Implementing opentaps Open Source ERP + CRM

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This is a general primer on how to implement opentaps, or indeed any large-scale open-source or commercial software, in an organization. Our goal here is not to offer you a step-by-step technical guide, but rather a general roadmap on how to make your implementation project successful.

Before You Start

Implementing an ERP and CRM solution for any company is a complex project. Whether you are implementing for a small office or large multinational organization, we recommend you follow the following key steps:

  1. Understand the requirements. What does the organization actually do, and how would the people like to do it? Who would be using the system, and what would they do with it?
  2. Determine the budget, and either stick to it or negotiate with your users. If what they need could not be achieved within the budget.
  3. Map out the implementation. Once you know what people need, identify how opentaps could in general support those requirements. Identified what modules and features would be used.
  4. Do a pilot implementation which involves setting up and configuring opentaps based on the known requirements and the proposed implementation plan. Have real users try it and get their feedback. Frequently, you will uncover new requirements during this phase.
  5. With user feedback, make changes to the system.
  6. Do successive rounds of pilots until users are satisfied with the system.
  7. Train users on the new system.
  8. Move data over from existing systems.
  9. Rollout new system.

Along the way, it is important to protect yourself against the risk of a failed implementation. The key reasons for failed implementations are:

  1. Failure to understand business requirements. If you don’t know what you need to do, you probably can’t do it correctly.
  2. Lack of user acceptance. You can’t force people to use your system. Make sure they like using it, or change the system. (Fortunately, opentaps is easy to change or add to.)
  3. Becoming too ambitious. When you're moving to a new system, especially an open source one like opentaps that could be customized to meet any requirements, it can be very easy to get overambitious and try to solve every single problem in the organization. This is also a time when a lot of pent-up demand for improvements could suddenly appear from every group in your organization, hoping more demanding that the new system solve all their problems right away. Resist the urge to solve every problem. Focus on the "low hanging fruit" first, the immediately achievable goals which would deliver significant value to your organization. Get the system up and running as soon as possible, and build confidence in it for your entire organization. Then you will have the support you need to roll out incremental enhancements over time.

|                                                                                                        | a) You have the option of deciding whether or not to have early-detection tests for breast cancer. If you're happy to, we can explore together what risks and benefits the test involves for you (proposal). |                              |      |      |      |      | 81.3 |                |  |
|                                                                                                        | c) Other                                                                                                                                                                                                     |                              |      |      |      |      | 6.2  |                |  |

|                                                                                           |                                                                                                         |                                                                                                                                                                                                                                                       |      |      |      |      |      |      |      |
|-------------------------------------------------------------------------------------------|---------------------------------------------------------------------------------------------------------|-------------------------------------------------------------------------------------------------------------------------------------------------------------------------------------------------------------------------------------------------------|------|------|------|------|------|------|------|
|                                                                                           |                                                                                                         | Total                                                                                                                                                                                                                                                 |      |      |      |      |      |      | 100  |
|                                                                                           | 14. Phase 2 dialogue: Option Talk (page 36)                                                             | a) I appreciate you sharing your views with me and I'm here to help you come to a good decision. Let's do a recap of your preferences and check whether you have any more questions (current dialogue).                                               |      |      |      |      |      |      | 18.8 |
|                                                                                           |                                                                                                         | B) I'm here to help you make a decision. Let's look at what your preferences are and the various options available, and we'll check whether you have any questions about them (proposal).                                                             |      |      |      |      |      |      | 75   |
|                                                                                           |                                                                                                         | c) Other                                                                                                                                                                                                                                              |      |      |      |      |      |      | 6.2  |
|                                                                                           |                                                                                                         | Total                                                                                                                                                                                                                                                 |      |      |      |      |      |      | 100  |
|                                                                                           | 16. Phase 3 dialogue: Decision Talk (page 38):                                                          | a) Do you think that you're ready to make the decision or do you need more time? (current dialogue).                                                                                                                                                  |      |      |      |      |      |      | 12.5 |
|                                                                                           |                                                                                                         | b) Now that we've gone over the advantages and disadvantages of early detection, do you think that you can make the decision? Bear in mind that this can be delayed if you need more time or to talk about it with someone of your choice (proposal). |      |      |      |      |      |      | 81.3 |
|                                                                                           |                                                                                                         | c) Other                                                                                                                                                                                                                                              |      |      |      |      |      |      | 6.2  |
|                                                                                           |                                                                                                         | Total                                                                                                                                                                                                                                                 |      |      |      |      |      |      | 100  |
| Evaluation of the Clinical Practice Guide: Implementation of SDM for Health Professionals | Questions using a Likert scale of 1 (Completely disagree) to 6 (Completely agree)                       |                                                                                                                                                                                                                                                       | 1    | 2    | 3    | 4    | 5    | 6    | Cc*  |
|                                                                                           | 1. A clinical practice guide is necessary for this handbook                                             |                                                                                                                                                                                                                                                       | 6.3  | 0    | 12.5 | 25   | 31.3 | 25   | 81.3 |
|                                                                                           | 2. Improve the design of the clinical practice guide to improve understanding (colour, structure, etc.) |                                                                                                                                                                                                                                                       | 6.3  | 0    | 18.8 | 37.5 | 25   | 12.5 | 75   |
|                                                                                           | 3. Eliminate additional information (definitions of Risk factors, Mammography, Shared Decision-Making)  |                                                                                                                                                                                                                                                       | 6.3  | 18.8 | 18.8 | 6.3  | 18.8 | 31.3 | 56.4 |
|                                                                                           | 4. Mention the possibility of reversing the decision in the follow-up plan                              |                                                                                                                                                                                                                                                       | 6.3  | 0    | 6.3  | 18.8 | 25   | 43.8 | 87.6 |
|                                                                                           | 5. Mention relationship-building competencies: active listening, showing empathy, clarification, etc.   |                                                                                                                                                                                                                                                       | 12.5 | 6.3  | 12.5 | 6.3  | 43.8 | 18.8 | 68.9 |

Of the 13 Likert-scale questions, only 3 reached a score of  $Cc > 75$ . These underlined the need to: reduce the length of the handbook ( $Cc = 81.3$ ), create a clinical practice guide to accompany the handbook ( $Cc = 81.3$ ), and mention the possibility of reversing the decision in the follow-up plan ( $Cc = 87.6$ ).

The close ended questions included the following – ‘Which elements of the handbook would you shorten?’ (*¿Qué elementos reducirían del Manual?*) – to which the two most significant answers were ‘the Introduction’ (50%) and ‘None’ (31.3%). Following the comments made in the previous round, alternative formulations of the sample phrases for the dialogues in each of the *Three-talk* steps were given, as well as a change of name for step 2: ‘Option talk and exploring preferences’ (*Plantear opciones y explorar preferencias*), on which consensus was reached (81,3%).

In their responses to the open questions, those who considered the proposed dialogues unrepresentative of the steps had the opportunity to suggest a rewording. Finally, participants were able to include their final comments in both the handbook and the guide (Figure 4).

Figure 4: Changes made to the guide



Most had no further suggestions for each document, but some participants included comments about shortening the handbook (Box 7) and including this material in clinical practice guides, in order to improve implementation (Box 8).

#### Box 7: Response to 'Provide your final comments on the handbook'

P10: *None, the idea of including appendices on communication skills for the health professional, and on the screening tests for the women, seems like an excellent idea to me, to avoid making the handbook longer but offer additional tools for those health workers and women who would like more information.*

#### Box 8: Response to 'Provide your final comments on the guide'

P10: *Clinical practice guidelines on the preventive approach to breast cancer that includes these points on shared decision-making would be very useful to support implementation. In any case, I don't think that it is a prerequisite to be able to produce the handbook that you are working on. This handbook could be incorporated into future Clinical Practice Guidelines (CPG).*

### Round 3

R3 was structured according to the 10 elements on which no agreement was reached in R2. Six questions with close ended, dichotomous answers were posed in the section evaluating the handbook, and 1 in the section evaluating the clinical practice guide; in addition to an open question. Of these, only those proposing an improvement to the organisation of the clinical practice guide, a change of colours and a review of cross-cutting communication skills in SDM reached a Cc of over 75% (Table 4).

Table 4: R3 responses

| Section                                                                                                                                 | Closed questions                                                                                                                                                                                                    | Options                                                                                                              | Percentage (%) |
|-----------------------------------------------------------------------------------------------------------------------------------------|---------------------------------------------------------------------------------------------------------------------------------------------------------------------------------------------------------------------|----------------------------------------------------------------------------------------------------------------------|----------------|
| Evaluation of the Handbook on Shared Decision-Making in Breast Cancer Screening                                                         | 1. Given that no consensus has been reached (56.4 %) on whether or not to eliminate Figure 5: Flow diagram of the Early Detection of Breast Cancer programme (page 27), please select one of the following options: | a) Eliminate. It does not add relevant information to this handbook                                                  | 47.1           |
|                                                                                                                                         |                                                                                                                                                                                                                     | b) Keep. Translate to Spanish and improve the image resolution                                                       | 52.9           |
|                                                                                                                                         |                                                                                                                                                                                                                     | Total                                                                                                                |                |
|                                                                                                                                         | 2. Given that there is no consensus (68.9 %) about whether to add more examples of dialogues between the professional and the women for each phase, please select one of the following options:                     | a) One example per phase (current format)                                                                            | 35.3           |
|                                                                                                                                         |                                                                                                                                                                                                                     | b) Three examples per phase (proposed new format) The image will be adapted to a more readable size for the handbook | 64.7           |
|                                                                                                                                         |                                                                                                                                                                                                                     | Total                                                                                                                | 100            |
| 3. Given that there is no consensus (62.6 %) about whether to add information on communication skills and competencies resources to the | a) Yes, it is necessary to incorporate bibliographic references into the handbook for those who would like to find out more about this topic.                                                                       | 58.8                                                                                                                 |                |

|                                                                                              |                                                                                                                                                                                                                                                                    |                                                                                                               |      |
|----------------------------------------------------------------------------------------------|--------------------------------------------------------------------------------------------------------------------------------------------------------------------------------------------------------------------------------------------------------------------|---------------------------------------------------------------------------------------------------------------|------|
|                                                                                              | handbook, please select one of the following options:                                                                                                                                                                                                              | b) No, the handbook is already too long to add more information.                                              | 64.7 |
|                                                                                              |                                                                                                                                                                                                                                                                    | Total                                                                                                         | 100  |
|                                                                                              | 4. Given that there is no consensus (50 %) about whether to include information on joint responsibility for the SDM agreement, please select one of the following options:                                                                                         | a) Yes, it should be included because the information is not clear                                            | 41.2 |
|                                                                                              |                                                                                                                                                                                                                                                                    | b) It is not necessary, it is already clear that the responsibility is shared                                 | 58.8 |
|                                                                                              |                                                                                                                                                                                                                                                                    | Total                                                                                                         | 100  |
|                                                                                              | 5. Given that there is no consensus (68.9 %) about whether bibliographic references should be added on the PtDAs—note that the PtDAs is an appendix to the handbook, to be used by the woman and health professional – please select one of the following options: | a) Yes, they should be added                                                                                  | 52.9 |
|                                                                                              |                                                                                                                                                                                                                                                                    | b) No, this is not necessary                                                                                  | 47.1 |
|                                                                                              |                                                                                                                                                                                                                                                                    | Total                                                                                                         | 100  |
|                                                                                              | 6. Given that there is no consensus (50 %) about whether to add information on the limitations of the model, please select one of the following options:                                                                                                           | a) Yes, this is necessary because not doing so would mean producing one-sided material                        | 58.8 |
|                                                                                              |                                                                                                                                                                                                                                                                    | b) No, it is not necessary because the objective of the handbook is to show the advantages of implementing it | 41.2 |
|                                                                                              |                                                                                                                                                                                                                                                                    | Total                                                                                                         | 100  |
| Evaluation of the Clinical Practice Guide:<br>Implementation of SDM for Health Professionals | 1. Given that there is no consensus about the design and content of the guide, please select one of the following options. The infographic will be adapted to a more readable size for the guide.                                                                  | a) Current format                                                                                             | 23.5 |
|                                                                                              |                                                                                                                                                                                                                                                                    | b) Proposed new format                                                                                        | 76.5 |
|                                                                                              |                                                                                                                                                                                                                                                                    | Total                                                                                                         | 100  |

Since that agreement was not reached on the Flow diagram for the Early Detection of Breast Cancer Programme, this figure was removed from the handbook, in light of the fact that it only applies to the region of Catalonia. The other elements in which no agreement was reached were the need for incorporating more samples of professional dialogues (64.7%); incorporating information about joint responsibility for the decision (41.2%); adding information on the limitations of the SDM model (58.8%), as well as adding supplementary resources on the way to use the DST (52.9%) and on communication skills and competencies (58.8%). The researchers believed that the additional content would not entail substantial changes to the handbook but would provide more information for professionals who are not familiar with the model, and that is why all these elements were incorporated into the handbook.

4. Lack of contingency plans. For critical business processes, devise contingency plans or workarounds in case the system is not up and running in time, or if there are problems after the system is up and running. Consider keeping the existing system to run in parallel or devise other workarounds.


A successful implementation is simply meeting your users' needs within your allotted budget.

The Implementation Checklist

Before getting started, you need to find out key information about how your organization operates. This may involve meetings or interviews with all the people who will be using opentaps. This list is by no means exhaustive but rather serves as a starting point to organize your implementation:

  1. Accounting
    1. What is your company’s inventory costing method: LIFO, FIFO, or average cost?
    2. What is your company’s accounting year end month and date?
    3. Obtain a chart of accounts for your company and compare it to the default ones.
  2. Stores and Sales Policies
    1. Identify each physical and online store which sells your products.
    2. What types of products are sold? Physical goods? Digital downloads? Physical goods with variants? Configurable products?